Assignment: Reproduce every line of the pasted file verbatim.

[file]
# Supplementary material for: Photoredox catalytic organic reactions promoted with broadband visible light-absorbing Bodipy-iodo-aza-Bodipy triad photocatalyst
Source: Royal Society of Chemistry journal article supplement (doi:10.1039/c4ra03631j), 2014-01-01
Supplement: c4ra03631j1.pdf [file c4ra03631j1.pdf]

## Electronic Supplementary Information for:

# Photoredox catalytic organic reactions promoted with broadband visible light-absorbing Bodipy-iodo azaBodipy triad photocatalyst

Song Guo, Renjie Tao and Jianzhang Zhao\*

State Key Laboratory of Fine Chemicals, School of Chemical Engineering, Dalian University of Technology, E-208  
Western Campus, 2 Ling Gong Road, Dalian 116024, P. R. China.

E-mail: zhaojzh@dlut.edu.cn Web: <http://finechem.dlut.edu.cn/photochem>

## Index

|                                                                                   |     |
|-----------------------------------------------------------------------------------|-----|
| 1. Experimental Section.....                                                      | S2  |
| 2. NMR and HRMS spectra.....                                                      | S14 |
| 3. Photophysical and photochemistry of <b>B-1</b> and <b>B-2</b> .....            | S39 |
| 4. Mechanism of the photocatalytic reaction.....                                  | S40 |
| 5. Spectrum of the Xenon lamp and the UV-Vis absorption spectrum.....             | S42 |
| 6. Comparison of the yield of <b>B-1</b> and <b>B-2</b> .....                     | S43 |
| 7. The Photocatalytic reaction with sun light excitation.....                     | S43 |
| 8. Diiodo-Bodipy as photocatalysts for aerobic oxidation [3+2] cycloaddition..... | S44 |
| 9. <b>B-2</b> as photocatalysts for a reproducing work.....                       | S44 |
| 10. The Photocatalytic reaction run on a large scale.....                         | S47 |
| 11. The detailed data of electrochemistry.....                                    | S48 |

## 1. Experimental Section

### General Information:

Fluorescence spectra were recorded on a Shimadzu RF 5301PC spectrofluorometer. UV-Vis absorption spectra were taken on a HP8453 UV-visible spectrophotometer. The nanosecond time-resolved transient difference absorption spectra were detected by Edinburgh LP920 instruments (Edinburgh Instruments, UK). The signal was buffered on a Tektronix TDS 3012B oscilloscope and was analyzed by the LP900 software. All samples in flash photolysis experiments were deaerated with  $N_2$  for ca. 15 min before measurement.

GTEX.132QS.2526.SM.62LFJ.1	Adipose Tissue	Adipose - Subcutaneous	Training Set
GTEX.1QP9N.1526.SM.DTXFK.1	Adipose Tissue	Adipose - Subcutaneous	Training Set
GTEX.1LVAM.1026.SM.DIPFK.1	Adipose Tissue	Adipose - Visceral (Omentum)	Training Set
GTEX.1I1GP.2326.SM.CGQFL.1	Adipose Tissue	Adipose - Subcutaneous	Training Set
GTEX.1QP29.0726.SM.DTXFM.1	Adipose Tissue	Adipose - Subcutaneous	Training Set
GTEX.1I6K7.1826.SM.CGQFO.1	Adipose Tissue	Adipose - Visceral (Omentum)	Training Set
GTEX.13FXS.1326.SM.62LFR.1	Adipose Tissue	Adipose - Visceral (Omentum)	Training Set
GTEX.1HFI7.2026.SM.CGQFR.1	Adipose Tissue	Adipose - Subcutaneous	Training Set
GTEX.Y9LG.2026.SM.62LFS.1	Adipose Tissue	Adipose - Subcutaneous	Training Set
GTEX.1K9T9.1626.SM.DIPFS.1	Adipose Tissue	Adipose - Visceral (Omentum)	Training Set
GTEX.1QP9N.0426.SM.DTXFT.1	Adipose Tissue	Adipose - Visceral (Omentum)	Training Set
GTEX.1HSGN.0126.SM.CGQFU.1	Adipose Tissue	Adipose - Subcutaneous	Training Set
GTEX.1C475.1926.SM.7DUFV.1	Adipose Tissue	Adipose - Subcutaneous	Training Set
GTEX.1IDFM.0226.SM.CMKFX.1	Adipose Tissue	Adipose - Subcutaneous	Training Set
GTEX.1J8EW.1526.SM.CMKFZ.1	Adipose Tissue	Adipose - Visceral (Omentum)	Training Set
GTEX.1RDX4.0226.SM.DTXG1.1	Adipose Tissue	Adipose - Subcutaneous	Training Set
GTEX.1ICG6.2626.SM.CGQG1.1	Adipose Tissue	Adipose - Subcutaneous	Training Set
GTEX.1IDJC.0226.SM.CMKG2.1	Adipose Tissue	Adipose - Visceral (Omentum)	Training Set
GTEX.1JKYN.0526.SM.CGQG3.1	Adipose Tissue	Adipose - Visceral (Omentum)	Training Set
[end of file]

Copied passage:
# Supplementary material for: Photoredox catalytic organic reactions promoted with broadband visible light-absorbing Bodipy-iodo-aza-Bodipy triad photocatalyst
Source: Royal Society of Chemistry journal article supplement (doi:10.1039/c4ra03631j), 2014-01-01
Supplement: c4ra03631j1.pdf [file c4ra03631j1.pdf]

## Electronic Supplementary Information for:

# Photoredox catalytic organic reactions promoted with broadband visible light-absorbing Bodipy-iodo azaBodipy triad photocatalyst

Song Guo, Renjie Tao and Jianzhang Zhao\*

State Key Laboratory of Fine Chemicals, School of Chemical Engineering, Dalian University of Technology, E-208  
Western Campus, 2 Ling Gong Road, Dalian 116024, P. R. China.

E-mail: zhaojzh@dlut.edu.cn Web: <http://finechem.dlut.edu.cn/photochem>

## Index

|                                                                                   |     |
|-----------------------------------------------------------------------------------|-----|
| 1. Experimental Section.....                                                      | S2  |
| 2. NMR and HRMS spectra.....                                                      | S14 |
| 3. Photophysical and photochemistry of <b>B-1</b> and <b>B-2</b> .....            | S39 |
| 4. Mechanism of the photocatalytic reaction.....                                  | S40 |
| 5. Spectrum of the Xenon lamp and the UV-Vis absorption spectrum.....             | S42 |
| 6. Comparison of the yield of <b>B-1</b> and <b>B-2</b> .....                     | S43 |
| 7. The Photocatalytic reaction with sun light excitation.....                     | S43 |
| 8. Diiodo-Bodipy as photocatalysts for aerobic oxidation [3+2] cycloaddition..... | S44 |
| 9. <b>B-2</b> as photocatalysts for a reproducing work.....                       | S44 |
| 10. The Photocatalytic reaction run on a large scale.....                         | S47 |
| 11. The detailed data of electrochemistry.....                                    | S48 |

## 1. Experimental Section

### General Information:

Fluorescence spectra were recorded on a Shimadzu RF 5301PC spectrofluorometer. UV-Vis absorption spectra were taken on a HP8453 UV-visible spectrophotometer. The nanosecond time-resolved transient difference absorption spectra were detected by Edinburgh LP920 instruments (Edinburgh Instruments, UK). The signal was buffered on a Tektronix TDS 3012B oscilloscope and was analyzed by the LP900 software. All samples in flash photolysis experiments were deaerated with  $N_2$  for ca. 15 min before measurement.

GTEX.132QS.2526.SM.62LFJ.1	Adipose Tissue	Adipose - Subcutaneous	Training Set
GTEX.1QP9N.1526.SM.DTXFK.1	Adipose Tissue	Adipose - Subcutaneous	Training Set
GTEX.1LVAM.1026.SM.DIPFK.1	Adipose Tissue	Adipose - Visceral (Omentum)	Training Set
GTEX.1I1GP.2326.SM.CGQFL.1	Adipose Tissue	Adipose - Subcutaneous	Training Set
GTEX.1QP29.0726.SM.DTXFM.1	Adipose Tissue	Adipose - Subcutaneous	Training Set
GTEX.1I6K7.1826.SM.CGQFO.1	Adipose Tissue	Adipose - Visceral (Omentum)	Training Set
GTEX.13FXS.1326.SM.62LFR.1	Adipose Tissue	Adipose - Visceral (Omentum)	Training Set
GTEX.1HFI7.2026.SM.CGQFR.1	Adipose Tissue	Adipose - Subcutaneous	Training Set
GTEX.Y9LG.2026.SM.62LFS.1	Adipose Tissue	Adipose - Subcutaneous	Training Set
GTEX.1K9T9.1626.SM.DIPFS.1	Adipose Tissue	Adipose - Visceral (Omentum)	Training Set
GTEX.1QP9N.0426.SM.DTXFT.1	Adipose Tissue	Adipose - Visceral (Omentum)	Training Set
GTEX.1HSGN.0126.SM.CGQFU.1	Adipose Tissue	Adipose - Subcutaneous	Training Set
GTEX.1C475.1926.SM.7DUFV.1	Adipose Tissue	Adipose - Subcutaneous	Training Set
GTEX.1IDFM.0226.SM.CMKFX.1	Adipose Tissue	Adipose - Subcutaneous	Training Set
GTEX.1J8EW.1526.SM.CMKFZ.1	Adipose Tissue	Adipose - Visceral (Omentum)	Training Set
GTEX.1RDX4.0226.SM.DTXG1.1	Adipose Tissue	Adipose - Subcutaneous	Training Set
GTEX.1ICG6.2626.SM.CGQG1.1	Adipose Tissue	Adipose - Subcutaneous	Training Set
GTEX.1IDJC.0226.SM.CMKG2.1	Adipose Tissue	Adipose - Visceral (Omentum)	Training Set
GTEX.1JKYN.0526.SM.CGQG3.1	Adipose Tissue	Adipose - Visceral (Omentum)	Training Set